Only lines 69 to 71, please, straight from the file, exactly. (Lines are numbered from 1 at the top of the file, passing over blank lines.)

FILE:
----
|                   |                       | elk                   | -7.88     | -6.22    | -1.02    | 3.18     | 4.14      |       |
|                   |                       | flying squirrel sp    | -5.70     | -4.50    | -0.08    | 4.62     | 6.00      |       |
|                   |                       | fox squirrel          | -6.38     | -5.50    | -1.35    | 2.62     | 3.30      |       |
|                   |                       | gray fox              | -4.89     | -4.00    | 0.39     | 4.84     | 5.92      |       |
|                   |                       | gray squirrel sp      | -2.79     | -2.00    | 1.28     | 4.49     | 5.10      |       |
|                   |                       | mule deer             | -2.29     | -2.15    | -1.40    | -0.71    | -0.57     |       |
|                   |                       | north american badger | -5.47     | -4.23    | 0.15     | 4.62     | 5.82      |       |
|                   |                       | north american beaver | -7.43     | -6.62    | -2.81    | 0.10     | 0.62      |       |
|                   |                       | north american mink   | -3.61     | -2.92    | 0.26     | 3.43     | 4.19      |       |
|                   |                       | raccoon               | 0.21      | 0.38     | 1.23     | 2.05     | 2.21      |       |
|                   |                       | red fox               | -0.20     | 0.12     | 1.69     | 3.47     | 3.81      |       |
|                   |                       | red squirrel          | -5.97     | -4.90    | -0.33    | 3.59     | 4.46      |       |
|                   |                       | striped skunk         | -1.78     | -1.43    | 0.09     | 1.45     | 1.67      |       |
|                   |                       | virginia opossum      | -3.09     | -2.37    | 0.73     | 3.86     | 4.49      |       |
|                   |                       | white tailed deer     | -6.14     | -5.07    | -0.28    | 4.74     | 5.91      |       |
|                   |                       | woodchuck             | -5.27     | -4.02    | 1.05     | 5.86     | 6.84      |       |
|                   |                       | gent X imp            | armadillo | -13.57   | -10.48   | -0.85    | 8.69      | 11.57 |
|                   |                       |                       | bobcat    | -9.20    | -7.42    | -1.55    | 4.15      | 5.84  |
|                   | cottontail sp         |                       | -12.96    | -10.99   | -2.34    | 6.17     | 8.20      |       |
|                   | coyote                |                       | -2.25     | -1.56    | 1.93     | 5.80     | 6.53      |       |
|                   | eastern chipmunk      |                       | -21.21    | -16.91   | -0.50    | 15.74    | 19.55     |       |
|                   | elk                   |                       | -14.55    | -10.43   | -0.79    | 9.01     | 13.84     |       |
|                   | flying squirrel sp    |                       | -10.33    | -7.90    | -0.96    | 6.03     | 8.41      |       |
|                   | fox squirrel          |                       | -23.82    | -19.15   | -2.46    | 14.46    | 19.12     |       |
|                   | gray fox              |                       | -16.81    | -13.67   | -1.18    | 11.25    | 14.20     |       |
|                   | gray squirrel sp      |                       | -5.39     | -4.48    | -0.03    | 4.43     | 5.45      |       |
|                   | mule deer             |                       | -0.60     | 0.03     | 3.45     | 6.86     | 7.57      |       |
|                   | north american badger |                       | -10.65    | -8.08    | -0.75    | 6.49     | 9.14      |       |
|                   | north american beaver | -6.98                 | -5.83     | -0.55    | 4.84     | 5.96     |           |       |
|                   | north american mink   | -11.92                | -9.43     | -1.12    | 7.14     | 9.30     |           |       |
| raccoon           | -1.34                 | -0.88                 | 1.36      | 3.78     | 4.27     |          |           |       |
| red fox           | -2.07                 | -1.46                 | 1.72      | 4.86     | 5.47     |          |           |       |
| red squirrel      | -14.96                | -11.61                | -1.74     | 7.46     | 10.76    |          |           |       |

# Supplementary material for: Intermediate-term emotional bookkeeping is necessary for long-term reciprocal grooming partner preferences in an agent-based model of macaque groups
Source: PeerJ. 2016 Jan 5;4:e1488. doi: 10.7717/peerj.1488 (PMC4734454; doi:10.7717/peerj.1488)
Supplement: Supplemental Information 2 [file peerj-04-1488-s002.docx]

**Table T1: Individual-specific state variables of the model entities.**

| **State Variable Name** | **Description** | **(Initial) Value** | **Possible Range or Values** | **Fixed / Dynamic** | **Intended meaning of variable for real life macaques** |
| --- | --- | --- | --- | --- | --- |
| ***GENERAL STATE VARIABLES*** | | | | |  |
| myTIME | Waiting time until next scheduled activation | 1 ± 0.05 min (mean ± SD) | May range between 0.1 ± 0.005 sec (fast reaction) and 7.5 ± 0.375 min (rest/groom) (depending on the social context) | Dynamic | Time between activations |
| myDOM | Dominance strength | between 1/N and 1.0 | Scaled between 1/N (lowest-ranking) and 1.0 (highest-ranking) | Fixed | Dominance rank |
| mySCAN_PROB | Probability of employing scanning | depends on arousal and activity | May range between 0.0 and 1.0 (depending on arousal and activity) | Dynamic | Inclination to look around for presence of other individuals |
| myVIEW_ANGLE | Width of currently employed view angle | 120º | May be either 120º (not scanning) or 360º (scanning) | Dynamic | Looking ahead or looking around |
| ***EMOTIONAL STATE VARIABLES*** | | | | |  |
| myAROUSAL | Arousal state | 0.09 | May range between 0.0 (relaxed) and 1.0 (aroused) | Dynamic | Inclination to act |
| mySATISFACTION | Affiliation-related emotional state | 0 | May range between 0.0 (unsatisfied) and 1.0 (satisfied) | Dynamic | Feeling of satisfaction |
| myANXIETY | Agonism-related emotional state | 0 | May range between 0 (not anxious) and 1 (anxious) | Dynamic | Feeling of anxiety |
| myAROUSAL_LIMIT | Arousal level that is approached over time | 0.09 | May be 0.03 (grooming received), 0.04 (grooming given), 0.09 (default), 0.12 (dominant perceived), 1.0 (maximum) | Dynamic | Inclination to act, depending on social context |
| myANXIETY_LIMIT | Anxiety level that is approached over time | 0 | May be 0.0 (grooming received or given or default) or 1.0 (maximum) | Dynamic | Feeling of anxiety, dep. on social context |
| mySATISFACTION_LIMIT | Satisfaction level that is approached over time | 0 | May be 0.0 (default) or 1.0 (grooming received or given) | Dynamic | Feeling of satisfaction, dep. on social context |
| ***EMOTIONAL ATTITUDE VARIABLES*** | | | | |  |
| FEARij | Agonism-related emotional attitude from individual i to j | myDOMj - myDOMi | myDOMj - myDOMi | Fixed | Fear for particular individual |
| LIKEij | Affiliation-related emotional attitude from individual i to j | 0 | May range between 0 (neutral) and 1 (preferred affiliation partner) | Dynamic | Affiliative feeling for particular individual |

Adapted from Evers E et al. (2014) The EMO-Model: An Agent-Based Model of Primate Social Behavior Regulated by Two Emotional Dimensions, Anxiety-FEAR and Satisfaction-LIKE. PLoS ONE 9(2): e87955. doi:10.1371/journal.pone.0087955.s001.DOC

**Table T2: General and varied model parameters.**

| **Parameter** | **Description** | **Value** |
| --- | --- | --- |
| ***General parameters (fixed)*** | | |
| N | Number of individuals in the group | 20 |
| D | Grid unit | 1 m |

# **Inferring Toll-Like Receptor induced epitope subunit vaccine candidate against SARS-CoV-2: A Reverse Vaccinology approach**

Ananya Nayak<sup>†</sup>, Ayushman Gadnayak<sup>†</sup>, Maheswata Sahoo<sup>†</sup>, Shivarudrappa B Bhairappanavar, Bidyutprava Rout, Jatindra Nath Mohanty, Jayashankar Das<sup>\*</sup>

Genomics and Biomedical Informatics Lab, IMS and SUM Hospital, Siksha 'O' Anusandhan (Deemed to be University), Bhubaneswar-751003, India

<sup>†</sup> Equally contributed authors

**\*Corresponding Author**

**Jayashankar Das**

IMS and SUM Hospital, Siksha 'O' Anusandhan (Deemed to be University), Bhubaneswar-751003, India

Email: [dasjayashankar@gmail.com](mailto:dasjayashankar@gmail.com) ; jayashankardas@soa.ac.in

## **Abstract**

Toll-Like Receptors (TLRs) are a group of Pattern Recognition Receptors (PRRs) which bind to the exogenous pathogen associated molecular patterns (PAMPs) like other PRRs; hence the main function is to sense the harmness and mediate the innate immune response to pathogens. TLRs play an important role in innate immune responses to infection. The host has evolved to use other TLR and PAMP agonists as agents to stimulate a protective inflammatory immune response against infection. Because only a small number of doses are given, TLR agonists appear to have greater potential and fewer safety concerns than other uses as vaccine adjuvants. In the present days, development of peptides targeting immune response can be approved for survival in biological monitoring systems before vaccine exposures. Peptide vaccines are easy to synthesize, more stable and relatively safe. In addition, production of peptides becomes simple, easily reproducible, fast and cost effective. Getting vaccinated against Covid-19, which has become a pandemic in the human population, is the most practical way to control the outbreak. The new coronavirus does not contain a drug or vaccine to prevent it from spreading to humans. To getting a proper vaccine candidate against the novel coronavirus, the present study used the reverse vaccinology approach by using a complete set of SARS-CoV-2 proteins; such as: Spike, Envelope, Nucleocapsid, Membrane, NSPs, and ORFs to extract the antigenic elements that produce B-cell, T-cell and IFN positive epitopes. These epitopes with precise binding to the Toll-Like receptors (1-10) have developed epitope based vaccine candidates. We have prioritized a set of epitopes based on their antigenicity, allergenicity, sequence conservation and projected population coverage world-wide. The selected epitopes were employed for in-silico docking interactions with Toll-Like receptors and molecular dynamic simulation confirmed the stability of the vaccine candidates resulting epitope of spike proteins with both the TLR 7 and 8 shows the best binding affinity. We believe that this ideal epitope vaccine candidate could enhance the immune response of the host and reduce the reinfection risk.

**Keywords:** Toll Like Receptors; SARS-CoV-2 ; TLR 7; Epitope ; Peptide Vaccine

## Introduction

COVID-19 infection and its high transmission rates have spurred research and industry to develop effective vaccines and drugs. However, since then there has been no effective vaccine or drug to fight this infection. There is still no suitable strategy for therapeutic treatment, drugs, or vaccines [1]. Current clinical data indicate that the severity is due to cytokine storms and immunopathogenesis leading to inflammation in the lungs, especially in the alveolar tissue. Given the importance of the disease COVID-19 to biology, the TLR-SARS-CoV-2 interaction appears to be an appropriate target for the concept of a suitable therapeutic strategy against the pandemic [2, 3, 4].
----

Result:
Email: [dasjayashankar@gmail.com](mailto:dasjayashankar@gmail.com) ; jayashankardas@soa.ac.in

## **Abstract**

Toll-Like Receptors (TLRs) are a group of Pattern Recognition Receptors (PRRs) which bind to the exogenous pathogen associated molecular patterns (PAMPs) like other PRRs; hence the main function is to sense the harmness and mediate the innate immune response to pathogens. TLRs play an important role in innate immune responses to infection. The host has evolved to use other TLR and PAMP agonists as agents to stimulate a protective inflammatory immune response against infection. Because only a small number of doses are given, TLR agonists appear to have greater potential and fewer safety concerns than other uses as vaccine adjuvants. In the present days, development of peptides targeting immune response can be approved for survival in biological monitoring systems before vaccine exposures. Peptide vaccines are easy to synthesize, more stable and relatively safe. In addition, production of peptides becomes simple, easily reproducible, fast and cost effective. Getting vaccinated against Covid-19, which has become a pandemic in the human population, is the most practical way to control the outbreak. The new coronavirus does not contain a drug or vaccine to prevent it from spreading to humans. To getting a proper vaccine candidate against the novel coronavirus, the present study used the reverse vaccinology approach by using a complete set of SARS-CoV-2 proteins; such as: Spike, Envelope, Nucleocapsid, Membrane, NSPs, and ORFs to extract the antigenic elements that produce B-cell, T-cell and IFN positive epitopes. These epitopes with precise binding to the Toll-Like receptors (1-10) have developed epitope based vaccine candidates. We have prioritized a set of epitopes based on their antigenicity, allergenicity, sequence conservation and projected population coverage world-wide. The selected epitopes were employed for in-silico docking interactions with Toll-Like receptors and molecular dynamic simulation confirmed the stability of the vaccine candidates resulting epitope of spike proteins with both the TLR 7 and 8 shows the best binding affinity. We believe that this ideal epitope vaccine candidate could enhance the immune response of the host and reduce the reinfection risk.